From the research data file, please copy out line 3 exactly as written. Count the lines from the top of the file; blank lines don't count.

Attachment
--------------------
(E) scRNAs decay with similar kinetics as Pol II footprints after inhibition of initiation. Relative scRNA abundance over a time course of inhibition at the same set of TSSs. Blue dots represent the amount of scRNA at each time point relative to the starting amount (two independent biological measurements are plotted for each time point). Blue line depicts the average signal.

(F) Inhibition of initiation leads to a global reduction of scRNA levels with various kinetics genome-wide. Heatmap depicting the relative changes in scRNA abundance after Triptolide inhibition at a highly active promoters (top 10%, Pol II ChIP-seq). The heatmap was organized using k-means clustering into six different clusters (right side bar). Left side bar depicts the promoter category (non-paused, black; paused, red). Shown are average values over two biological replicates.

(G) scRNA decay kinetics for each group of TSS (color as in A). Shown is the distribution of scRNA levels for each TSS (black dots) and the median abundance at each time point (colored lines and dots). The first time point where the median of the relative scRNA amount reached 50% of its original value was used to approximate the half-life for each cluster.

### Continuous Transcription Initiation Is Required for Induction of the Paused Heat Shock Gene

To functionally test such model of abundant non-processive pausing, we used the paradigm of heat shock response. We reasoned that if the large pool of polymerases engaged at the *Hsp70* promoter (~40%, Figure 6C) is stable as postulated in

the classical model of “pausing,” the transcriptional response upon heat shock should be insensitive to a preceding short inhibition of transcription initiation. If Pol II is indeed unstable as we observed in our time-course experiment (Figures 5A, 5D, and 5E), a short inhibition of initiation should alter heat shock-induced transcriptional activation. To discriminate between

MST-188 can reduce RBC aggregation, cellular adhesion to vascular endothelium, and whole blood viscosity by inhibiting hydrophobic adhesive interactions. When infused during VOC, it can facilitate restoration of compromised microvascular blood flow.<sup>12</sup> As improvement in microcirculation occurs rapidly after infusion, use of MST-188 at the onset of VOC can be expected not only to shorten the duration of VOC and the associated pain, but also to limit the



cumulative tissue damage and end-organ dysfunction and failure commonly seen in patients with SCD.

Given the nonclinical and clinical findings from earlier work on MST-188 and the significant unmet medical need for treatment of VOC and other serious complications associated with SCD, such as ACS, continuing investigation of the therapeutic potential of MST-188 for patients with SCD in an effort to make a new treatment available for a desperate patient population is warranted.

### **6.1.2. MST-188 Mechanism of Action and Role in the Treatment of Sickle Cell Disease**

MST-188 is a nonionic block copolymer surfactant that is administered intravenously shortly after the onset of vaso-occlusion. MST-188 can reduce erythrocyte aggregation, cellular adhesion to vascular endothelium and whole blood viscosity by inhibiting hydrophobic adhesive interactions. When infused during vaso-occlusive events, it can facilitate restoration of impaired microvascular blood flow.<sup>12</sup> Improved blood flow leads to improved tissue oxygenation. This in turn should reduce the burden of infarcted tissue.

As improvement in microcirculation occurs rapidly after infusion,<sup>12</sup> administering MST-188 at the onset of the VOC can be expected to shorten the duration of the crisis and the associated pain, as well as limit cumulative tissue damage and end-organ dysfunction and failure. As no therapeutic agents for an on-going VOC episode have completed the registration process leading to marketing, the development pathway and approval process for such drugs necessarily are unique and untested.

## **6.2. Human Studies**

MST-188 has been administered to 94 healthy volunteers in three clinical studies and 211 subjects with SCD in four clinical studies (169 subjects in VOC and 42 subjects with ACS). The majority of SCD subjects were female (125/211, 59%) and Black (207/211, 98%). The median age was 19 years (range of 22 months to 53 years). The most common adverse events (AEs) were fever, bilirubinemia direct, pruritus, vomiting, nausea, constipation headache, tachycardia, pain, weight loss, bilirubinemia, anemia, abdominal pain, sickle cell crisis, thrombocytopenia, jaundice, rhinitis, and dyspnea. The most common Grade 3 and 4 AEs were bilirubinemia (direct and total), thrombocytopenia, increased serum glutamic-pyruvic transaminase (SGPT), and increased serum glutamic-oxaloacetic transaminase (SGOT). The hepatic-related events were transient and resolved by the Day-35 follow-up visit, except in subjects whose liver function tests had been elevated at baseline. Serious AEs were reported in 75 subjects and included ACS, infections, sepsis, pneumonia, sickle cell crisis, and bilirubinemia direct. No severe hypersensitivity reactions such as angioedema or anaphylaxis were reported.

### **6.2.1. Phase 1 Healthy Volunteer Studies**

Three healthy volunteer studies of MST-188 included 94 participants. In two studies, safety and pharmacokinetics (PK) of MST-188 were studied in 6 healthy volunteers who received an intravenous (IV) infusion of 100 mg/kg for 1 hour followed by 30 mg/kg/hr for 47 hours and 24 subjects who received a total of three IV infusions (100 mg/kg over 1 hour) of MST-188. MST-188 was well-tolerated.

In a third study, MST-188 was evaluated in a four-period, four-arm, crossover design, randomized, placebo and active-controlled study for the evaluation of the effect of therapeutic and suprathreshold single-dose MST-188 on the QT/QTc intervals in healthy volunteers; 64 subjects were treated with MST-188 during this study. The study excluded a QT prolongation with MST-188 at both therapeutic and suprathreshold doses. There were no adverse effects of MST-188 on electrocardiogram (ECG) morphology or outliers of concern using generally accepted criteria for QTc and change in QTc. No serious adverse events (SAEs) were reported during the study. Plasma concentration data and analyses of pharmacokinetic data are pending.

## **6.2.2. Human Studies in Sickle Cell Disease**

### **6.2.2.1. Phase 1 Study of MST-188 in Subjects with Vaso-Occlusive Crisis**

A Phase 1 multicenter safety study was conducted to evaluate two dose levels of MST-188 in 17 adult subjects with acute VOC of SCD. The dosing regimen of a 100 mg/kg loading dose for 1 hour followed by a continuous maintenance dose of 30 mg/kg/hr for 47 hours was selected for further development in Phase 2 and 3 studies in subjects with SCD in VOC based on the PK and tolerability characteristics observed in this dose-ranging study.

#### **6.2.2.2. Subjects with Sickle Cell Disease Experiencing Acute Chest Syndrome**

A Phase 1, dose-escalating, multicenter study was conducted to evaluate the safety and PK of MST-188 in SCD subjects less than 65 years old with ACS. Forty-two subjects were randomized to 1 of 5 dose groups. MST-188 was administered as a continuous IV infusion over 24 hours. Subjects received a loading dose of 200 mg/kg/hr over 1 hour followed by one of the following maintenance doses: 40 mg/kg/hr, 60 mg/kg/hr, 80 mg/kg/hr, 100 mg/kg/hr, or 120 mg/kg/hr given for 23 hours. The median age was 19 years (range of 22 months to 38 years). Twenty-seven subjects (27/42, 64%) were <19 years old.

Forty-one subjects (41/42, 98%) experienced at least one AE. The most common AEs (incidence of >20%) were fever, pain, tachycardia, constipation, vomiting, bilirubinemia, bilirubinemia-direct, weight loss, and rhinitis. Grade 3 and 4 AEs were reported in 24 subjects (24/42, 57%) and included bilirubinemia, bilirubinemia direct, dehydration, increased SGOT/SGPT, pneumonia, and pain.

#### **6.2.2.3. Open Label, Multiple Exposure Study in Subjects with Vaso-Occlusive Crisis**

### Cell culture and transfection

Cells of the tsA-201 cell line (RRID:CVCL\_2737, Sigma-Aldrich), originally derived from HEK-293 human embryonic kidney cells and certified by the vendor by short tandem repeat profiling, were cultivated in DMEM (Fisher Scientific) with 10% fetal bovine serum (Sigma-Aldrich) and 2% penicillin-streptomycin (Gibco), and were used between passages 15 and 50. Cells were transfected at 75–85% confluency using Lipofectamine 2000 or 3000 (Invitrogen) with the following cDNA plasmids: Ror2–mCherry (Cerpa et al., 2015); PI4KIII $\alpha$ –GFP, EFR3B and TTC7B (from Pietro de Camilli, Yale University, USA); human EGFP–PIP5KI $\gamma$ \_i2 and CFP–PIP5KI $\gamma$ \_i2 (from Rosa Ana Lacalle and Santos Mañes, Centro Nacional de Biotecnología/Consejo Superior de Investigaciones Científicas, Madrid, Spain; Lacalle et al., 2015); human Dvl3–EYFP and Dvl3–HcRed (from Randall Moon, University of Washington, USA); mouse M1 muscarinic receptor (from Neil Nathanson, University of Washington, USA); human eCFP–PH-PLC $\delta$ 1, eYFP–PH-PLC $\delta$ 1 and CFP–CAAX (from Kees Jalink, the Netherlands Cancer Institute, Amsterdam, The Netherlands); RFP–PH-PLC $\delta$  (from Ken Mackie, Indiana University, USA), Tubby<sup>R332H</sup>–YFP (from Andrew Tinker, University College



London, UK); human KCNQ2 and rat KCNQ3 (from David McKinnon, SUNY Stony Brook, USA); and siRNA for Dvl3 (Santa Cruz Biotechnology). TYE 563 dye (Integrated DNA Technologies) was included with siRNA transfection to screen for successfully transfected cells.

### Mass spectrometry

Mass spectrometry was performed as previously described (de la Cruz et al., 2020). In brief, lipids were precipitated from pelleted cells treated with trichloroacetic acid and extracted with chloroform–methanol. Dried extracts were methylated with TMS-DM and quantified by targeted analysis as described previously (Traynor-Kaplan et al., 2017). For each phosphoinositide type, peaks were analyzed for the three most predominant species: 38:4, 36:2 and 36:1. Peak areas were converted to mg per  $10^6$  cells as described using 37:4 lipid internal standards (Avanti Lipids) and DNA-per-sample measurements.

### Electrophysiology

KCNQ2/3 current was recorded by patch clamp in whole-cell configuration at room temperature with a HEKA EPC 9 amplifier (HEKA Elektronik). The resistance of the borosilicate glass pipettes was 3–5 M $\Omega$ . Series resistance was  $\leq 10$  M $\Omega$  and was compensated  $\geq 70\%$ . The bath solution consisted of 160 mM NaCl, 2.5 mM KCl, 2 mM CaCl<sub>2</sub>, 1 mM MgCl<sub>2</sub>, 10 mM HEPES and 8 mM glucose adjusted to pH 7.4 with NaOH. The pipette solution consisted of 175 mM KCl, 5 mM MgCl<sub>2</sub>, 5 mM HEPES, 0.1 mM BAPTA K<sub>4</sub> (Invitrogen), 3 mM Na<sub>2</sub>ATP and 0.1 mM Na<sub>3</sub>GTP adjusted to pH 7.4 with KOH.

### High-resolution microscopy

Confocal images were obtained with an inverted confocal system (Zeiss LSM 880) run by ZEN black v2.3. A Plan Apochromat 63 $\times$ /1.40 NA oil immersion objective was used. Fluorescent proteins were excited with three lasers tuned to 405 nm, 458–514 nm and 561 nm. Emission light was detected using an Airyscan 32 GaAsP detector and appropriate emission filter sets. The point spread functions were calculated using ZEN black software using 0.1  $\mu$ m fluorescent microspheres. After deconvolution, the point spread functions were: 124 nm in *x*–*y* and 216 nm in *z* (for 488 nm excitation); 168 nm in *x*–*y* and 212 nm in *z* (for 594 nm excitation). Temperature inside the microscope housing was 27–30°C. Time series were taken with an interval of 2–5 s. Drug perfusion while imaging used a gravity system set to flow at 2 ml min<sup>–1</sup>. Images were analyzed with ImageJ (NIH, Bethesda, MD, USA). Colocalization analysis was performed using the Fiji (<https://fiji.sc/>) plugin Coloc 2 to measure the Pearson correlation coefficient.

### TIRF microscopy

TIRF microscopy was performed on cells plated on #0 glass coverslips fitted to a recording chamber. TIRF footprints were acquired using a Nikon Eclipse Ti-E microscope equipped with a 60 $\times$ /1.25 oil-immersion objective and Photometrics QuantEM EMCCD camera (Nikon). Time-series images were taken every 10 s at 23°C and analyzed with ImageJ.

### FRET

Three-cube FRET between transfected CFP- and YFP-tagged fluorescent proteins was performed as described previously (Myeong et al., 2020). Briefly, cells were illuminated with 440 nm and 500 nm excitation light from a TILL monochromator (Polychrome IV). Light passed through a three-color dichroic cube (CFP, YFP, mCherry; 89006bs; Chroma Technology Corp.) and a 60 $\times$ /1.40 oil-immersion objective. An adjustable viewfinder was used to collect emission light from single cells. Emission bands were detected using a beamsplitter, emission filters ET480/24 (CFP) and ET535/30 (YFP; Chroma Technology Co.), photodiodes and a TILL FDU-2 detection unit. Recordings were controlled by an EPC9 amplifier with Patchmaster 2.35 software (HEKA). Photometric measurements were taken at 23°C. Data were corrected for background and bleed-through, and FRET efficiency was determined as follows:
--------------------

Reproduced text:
(G) scRNA decay kinetics for each group of TSS (color as in A). Shown is the distribution of scRNA levels for each TSS (black dots) and the median abundance at each time point (colored lines and dots). The first time point where the median of the relative scRNA amount reached 50% of its original value was used to approximate the half-life for each cluster.